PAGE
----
Last summer the kids went to vacation bible school. When I’d pick them up each day, Little Man would tell me about the lesson for the day, while Baby Girl would mostly focus on the fact that they had snacks. (This is still what she mentions first when picking her up at preschool — snacks are important.) One day Little Man told me that the lesson covered The Ten Commandments. I asked if he could name them all, and while he remembered a few, a couple were probably not quite chisel-on-a-stone-tablet worthy (and a couple others should probably be chiseled on a tablet and dropped on some people’s heads).
Which non-biblical commandment is your favorite? Mine would have to be #9.
Remember Rumpelstiltskin? It’s one of the more screwed up stories I remember reading as a kid. A dad says his daughter can spin straw into gold, the king says she has to do the gold spinning or he’ll kill her, and a little creepy, unnamed dude makes the magic happen by taking something that belongs to the girl as payment. (Because obviously someone who can spin straw into gold needs a ring or necklace.) And then the little creepy, unnamed dude wants the girl’s firstborn to work his magic one last time, which she agrees to. She then marries the king who wanted to kill her, gets pregnant, and the little dude wants her to uphold her promise. Naturally she doesn’t want to and has to guess the dude’s name to keep the baby.
Spoiler alert: the name is Rumpelstiltskin.
Okay, so I probably didn’t need to summarize that story since everyone likely knows it, but I do like to emphasize the screwedupness of some of the stuff we read as kids, so there’s that.
Now for the relevant stuff.
If Baby Girl became a creepy little dude who went around doing favors and taking firstborn babies, victimized miller’s daughters would have a hard time guessing the name she calls herself, too. She has a a bunch of nicknames she’ll use, and rarely will she use her real name when asked. At first it was cute — well, mostly it still is — but I’ve been pushing her to say her real name, just in case she gets separated from us. So far that isn’t working out too well.
Here’s how her name has progressed since she started talking:
See? The miller’s daughter would be screwed.
Mostly Baby Girl will use parts of that mouthful, but occasionally she’ll go with the unabridged version. I imagine that when she learns to write her name in a couple of years, she’ll shorted that up a bit to either her real name (which isn’t Ona, in case you were wondering), or maybe SBOKKSP. Or, maybe I’ll just teach her to write “Batman” and have a laugh at her teacher’s reaction.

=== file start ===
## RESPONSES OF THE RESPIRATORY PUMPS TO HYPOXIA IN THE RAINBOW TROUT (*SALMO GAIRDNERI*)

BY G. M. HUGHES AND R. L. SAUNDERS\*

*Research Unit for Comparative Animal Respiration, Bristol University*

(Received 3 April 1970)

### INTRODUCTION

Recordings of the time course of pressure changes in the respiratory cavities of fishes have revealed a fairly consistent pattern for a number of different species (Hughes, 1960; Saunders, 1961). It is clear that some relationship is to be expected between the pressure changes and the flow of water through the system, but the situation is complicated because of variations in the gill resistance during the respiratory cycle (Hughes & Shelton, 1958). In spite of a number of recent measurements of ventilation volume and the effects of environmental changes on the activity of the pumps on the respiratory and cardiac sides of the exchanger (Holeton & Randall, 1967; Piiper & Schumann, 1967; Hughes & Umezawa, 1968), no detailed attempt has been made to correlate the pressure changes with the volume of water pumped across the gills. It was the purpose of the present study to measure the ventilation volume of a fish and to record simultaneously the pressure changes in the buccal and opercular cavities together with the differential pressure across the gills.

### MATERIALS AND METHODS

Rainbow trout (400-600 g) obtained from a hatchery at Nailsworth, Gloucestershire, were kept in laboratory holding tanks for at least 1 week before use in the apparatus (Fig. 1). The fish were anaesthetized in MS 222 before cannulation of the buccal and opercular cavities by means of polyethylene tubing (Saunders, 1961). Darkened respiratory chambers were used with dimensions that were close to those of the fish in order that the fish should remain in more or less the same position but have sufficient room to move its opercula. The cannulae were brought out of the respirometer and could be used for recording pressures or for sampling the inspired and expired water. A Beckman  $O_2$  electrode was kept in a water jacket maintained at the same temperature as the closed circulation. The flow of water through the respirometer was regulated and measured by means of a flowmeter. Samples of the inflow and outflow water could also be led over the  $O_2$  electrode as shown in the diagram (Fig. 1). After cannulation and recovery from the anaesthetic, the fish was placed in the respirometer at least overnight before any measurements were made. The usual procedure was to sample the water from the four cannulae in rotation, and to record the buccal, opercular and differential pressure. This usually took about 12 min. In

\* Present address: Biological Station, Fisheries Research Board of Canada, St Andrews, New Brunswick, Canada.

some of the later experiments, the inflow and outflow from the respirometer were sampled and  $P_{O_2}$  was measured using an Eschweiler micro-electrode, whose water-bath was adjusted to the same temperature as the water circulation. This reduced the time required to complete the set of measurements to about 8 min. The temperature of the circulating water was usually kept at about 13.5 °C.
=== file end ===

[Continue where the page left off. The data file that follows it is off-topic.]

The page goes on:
Both of my kids have goals. Ever since Little Man was a toddler, he’s often talked about the things he’s wanted to do. Becoming a scientist and curing cancer, creating a Death Spray, and holding a human heart are a few of the things on his list. Baby Girl hasn’t been quite as verbal about her goals as Little Man, for obvious reasons, but she has expressed that she wants to be a doctor and go to the gas station for all the snacks (not necessarily in that order). That’s a little less exciting (and devious) than creating a Death Spray, but the girl’s got goals all the same.
There are two things my family loves: Star Wars and superheroes. You’d be hard-pressed to go in any room in our house and not find something related to one of those two subjects. (And on the off-chance that there wasn’t a toy or comic book or whatever lying around, then you’d most certainly see something related to Lord of the Rings, so there’s that. Dork Central over here.) There are often discussions about the better superhero, villain, or Star Wars episode. And, if, god forbid, you confuse Star Wars with Stars Trek or mix up your comic book worlds — suggest that Iron Man is a Justice League member, for example — then prepare to be dead to us all.
Okay, maybe that last line is an exaggeration. But there will be judgment and appalled looks. We try to keep the looks concealed, but if you call us “Trekkies” while we’re talking about how awesome the latest Star Wars movie is, then all bets are off.
Little Man still sings my praises for being a cool mom. I’ve yet to grow up and act like a typical 30-ish mom — and probably won’t — so we have a lot of shared interests. Namely the stuff listed above, but we also share the same dry sense of humor, plus a love of The Office and old school video games. This stuff makes me the-bomb-dot-com (and that comment definitely proves the whole “dorky” thing isn’t all talk). Anyway, while singing my praises one day recently, he paid me this little compliment:
I can’t remember what I said to warrant that comment, but I can only imagine that it was equal parts amazeballs and sinister. (As sinister as a 33-year-old stay-at-home-mom can get, anyway.) At any rate, I know it was a compliment and that my heart went Grinch-mode and grew three sizes.
That mash-up would look slightly terrifying. (+1 to Baby Girl for knowing that this was supposed to be Mommy Joker/Wonder Woman when she saw this.) For the record, I actually have dressed up as Wonder Woman and the Joker for Halloween — just not at the same time. A few years ago I went as the Joker and my husband went as Catwoman (not the Halle Berry Catwoman, though). We also did the superhero thing as a family this past Halloween:
Despite making a list with topics to write about for almost every day of this challenge, I’ve only used 3 of the 8 topic ideas I’d planned. For whatever reason, the original idea isn’t going to work out, so I’m left scrambling at the last second trying to find a new topic. Clearly I should have just skipped planning altogether and winged it.
Since the “I” for today isn’t going to work (I accidentally used it for part of another post), I asked Little Man for suggestions. He considered it for a moment and suggested “illness.” Since one of us has had a virus or some other illness for the better part of the last four months, it’s no surprise that particular “I” word was at the forefront of his mind.
“Yeah, girl,” Little Man said, “You know how we’ve been getting sick all the time. Ooooh, you could draw how we get sick on purpose, too, that way we can get out of school.”
“You each got the flu twice since the beginning of the New Year to get out of school? Plus strep?” I asked. And then there were other various stomach bugs and colds. That would be pretty hardcore.
Little Man looked rather sheepish. “Well, not exactly like that. But we were happy to get sick because we did get out of school.”
“Hmm. So there was a silver lining with getting the flu.”
Illness it is, then.
Rather than give you a visual of the behind-the-scenes flu puking action (maybe I’ll save that for another day), I’ll write a little bit about how Baby Girl keeps claiming to be sick. Most of the time she looks for excuses to go to the doctor, because she loves the doctor — she even walks around with a stethoscope half the time. (Last week she said she needed to go to the hospital over a scratch.) Sometimes, though, her illnesses appear when she wants something.